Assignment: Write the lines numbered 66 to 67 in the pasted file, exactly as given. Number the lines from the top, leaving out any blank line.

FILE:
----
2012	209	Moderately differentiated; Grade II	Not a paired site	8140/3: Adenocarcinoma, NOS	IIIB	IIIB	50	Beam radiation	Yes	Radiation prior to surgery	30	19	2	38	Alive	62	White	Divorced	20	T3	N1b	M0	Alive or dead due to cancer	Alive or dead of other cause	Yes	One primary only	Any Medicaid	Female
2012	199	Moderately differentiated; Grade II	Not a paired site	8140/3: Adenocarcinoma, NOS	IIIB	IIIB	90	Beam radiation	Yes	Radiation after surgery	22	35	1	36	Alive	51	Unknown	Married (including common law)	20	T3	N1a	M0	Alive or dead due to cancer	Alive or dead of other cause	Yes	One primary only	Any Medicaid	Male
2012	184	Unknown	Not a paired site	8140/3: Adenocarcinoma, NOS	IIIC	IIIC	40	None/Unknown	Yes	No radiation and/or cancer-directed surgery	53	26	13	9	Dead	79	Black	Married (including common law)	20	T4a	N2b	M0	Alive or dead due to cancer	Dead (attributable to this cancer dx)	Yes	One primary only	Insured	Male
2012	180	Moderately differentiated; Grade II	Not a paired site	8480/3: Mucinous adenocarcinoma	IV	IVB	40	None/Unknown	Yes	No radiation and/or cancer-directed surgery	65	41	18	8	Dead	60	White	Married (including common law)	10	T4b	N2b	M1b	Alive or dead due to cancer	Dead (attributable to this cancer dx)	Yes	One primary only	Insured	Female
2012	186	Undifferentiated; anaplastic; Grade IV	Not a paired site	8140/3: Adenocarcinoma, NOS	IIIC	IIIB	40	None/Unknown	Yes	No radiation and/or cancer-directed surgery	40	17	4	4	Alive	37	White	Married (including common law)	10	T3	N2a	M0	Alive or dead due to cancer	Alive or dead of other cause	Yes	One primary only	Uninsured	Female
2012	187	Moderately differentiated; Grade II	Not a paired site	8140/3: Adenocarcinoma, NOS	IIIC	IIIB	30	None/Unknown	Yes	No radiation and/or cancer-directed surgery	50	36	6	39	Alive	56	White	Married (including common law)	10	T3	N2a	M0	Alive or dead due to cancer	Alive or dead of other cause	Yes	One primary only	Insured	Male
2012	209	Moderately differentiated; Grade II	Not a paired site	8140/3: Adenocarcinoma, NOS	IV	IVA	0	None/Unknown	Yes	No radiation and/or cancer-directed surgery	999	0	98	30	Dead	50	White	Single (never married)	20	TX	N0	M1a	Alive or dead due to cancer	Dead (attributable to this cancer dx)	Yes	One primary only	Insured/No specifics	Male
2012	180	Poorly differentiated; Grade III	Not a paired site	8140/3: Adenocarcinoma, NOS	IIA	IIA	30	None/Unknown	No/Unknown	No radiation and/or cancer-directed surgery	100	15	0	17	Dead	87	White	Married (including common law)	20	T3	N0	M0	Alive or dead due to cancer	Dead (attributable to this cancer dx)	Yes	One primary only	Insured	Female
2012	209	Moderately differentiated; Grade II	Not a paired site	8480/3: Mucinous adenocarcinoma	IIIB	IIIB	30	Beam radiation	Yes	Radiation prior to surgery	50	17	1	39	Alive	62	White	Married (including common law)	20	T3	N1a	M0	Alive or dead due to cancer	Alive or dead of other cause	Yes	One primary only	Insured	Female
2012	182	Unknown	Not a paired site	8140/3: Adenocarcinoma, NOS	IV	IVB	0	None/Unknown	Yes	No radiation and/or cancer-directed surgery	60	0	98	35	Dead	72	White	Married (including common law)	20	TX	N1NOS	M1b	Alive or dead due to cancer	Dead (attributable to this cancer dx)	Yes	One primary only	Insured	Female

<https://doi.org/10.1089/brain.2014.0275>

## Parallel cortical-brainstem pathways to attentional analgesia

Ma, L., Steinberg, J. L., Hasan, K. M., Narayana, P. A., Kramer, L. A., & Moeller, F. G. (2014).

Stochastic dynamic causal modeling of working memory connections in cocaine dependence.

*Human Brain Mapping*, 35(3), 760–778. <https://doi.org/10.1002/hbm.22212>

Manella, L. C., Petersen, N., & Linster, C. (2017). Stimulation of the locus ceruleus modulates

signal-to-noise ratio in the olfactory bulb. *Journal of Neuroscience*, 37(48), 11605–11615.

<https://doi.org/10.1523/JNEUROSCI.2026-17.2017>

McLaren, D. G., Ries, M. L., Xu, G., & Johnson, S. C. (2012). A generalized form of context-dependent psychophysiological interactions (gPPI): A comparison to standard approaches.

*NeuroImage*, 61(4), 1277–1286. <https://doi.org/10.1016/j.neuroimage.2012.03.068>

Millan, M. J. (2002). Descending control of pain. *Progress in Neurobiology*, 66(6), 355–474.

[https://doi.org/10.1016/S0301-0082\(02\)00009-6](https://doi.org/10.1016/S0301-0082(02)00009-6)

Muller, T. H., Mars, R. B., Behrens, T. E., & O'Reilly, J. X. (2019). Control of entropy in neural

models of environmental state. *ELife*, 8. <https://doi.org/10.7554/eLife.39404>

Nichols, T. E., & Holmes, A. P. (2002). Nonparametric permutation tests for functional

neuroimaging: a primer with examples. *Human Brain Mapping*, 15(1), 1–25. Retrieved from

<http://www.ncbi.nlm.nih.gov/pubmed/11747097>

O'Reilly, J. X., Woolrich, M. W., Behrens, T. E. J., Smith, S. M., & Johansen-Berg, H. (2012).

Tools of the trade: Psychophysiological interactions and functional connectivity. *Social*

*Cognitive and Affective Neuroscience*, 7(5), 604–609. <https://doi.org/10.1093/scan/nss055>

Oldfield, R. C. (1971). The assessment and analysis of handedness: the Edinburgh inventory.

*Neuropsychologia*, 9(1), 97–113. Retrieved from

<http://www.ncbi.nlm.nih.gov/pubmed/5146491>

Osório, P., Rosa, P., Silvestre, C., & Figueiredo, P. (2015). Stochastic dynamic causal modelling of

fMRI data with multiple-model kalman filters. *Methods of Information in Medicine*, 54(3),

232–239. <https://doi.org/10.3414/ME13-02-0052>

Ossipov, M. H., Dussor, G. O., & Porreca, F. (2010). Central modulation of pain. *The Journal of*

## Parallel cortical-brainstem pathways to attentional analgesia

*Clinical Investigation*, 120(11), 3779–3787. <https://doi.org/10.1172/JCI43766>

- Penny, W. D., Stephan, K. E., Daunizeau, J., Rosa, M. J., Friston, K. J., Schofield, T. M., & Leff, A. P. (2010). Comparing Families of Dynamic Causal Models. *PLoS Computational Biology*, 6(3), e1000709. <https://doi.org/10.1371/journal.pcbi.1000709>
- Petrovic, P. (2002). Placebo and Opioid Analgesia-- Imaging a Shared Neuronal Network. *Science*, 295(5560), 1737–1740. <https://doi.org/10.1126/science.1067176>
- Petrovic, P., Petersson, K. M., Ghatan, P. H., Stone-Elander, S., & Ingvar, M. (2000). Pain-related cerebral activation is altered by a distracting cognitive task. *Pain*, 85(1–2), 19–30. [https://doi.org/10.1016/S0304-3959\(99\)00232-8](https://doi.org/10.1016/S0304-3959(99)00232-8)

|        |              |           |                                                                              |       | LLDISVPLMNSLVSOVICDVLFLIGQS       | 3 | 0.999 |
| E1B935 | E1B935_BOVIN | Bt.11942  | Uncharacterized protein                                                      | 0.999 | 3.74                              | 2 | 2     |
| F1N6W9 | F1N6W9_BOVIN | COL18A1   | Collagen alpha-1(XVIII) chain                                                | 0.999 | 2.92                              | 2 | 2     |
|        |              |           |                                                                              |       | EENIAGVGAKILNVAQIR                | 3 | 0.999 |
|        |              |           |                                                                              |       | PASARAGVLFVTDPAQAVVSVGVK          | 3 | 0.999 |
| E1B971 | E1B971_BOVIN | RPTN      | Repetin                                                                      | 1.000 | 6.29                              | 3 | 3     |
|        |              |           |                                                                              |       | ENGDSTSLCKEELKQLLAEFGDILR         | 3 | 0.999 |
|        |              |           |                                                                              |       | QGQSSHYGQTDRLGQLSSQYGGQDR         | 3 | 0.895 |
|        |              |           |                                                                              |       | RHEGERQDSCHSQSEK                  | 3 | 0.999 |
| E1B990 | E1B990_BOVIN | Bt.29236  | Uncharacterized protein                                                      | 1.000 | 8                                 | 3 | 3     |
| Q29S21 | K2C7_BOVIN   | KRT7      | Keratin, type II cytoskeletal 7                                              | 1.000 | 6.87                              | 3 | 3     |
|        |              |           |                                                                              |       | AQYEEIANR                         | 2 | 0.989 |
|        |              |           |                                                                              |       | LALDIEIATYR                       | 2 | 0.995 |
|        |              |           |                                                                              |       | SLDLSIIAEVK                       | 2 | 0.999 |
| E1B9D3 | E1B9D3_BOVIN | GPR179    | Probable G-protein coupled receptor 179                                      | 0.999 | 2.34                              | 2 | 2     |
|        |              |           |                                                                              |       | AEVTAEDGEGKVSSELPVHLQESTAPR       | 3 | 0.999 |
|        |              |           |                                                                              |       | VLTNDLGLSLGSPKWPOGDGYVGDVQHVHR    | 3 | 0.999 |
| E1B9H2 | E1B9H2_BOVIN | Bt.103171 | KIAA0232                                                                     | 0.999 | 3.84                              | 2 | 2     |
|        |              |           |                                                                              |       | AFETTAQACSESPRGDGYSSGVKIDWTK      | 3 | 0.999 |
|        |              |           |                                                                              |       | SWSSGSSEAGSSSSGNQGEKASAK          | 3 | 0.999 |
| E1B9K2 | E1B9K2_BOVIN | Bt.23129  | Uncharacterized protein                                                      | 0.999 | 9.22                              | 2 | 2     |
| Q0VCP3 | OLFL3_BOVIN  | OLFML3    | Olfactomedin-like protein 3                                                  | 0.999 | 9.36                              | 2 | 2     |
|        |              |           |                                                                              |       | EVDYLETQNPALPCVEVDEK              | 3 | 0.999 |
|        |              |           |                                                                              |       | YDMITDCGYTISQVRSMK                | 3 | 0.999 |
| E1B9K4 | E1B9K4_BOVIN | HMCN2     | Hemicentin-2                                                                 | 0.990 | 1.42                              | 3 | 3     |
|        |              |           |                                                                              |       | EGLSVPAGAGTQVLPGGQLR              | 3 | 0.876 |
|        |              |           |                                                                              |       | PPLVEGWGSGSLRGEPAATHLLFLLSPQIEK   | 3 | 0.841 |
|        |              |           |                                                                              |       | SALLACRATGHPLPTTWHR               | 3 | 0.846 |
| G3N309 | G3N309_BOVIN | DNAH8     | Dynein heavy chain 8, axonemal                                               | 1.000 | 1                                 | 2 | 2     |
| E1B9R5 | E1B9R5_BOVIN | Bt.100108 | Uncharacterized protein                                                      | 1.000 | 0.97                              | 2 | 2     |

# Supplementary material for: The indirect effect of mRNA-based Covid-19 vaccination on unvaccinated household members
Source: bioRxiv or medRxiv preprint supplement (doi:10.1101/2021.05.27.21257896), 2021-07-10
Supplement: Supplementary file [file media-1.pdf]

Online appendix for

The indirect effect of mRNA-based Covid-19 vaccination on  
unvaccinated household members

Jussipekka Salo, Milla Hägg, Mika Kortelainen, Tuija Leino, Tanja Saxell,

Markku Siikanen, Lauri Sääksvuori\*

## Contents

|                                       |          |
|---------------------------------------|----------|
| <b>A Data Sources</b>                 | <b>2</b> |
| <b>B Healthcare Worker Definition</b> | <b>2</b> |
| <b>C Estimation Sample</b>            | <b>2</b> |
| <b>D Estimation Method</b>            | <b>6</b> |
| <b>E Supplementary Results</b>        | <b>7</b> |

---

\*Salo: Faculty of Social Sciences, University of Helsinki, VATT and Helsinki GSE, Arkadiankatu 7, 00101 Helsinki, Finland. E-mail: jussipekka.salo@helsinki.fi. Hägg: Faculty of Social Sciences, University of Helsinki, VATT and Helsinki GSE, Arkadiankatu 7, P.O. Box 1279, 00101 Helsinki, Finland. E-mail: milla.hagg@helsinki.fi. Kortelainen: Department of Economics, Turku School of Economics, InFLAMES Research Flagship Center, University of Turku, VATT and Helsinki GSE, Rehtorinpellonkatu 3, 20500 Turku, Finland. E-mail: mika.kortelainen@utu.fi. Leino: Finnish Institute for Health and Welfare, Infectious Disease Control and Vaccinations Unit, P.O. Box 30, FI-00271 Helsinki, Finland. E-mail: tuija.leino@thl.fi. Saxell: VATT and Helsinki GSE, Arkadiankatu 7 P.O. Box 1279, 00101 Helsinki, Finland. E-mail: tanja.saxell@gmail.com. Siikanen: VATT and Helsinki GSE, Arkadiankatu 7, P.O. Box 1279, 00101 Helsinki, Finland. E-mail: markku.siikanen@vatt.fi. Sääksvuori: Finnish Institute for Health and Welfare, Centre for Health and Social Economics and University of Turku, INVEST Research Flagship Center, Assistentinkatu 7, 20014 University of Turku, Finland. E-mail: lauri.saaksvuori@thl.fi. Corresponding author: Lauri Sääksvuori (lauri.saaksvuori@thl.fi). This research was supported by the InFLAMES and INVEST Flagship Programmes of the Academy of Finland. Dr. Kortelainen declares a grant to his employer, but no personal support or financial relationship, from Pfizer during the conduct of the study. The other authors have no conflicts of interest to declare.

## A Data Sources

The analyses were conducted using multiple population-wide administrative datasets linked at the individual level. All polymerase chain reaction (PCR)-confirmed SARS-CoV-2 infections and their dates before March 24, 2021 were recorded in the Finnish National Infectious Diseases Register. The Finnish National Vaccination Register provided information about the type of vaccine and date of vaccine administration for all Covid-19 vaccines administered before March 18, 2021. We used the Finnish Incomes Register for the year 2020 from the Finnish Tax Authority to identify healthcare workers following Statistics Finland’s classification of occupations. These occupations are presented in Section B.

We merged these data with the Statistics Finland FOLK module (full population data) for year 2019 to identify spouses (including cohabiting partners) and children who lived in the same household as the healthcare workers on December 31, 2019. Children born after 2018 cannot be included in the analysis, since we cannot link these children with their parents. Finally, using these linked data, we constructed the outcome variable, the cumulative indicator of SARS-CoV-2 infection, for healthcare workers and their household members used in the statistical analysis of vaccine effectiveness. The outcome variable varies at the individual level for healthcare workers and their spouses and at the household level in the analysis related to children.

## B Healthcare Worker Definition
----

|        |              |           |                                                                              |       | YDMITDCGYTISQVRSMK                | 3 | 0.999 |
| E1B9K4 | E1B9K4_BOVIN | HMCN2     | Hemicentin-2                                                                 | 0.990 | 1.42                              | 3 | 3     |